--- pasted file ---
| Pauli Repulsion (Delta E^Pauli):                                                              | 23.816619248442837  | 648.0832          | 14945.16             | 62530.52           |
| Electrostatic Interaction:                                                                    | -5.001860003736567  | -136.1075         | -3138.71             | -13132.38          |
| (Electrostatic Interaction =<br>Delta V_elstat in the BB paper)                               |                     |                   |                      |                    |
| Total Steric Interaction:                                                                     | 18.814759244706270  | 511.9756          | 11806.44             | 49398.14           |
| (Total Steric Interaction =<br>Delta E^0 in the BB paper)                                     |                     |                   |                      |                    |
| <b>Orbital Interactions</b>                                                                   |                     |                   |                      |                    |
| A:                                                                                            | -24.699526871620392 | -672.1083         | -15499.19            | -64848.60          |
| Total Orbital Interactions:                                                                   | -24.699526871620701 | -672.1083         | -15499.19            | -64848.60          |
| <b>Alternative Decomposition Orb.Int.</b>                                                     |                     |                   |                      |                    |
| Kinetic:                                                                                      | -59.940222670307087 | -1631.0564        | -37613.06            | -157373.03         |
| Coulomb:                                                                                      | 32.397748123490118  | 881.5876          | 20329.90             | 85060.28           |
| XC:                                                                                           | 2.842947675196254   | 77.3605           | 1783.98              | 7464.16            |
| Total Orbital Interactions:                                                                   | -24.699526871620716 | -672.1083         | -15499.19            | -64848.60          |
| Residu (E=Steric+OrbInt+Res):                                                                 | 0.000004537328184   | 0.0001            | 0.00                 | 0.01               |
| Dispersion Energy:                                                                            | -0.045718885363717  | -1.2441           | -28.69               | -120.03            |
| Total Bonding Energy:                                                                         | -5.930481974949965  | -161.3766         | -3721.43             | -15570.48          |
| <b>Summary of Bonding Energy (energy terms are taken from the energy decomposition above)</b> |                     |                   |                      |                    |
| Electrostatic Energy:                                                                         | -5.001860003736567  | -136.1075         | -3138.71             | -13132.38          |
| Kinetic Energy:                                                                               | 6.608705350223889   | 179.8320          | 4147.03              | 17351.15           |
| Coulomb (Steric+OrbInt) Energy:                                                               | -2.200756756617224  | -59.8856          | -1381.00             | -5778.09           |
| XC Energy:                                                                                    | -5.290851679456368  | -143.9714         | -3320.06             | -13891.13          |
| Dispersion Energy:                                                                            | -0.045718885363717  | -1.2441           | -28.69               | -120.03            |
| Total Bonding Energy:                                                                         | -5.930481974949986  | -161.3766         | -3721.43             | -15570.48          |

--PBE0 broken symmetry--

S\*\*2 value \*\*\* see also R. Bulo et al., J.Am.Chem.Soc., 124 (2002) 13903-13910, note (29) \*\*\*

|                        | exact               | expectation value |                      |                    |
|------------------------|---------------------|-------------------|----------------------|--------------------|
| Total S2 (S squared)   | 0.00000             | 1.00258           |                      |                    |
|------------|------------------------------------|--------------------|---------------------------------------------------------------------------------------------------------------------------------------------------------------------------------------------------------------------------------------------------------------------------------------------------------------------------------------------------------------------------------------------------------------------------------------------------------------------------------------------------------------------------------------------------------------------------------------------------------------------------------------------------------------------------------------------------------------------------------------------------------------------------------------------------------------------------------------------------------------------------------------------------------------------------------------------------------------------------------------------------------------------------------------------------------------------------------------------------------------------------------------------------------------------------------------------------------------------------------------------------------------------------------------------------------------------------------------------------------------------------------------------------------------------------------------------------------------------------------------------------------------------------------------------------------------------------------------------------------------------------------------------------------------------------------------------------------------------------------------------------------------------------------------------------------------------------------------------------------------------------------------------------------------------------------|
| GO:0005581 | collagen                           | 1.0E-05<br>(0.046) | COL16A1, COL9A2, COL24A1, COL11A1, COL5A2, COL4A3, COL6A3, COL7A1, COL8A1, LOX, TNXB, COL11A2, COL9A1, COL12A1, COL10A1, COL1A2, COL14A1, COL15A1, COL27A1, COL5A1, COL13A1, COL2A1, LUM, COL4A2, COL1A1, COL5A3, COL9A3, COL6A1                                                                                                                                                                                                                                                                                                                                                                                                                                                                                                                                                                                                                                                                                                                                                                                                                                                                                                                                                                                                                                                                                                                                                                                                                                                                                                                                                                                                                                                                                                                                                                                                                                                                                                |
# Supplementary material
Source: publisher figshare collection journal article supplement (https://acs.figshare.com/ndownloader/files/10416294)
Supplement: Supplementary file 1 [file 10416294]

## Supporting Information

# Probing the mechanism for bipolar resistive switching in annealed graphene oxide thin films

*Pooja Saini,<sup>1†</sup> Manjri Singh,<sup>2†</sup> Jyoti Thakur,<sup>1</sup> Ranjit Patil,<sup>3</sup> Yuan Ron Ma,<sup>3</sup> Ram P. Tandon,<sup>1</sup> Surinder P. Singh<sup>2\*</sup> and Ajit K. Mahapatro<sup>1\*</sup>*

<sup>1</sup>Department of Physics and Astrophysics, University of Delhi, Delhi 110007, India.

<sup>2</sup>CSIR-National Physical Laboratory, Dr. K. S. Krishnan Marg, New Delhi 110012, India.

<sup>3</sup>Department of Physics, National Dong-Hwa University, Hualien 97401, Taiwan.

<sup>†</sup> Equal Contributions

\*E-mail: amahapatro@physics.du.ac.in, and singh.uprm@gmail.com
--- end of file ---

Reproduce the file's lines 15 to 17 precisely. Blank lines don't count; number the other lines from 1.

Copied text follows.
| Dispersion Energy:                                                                            | -0.045718885363717  | -1.2441           | -28.69               | -120.03            |
| Total Bonding Energy:                                                                         | -5.930481974949965  | -161.3766         | -3721.43             | -15570.48          |
| <b>Summary of Bonding Energy (energy terms are taken from the energy decomposition above)</b> |                     |                   |                      |                    |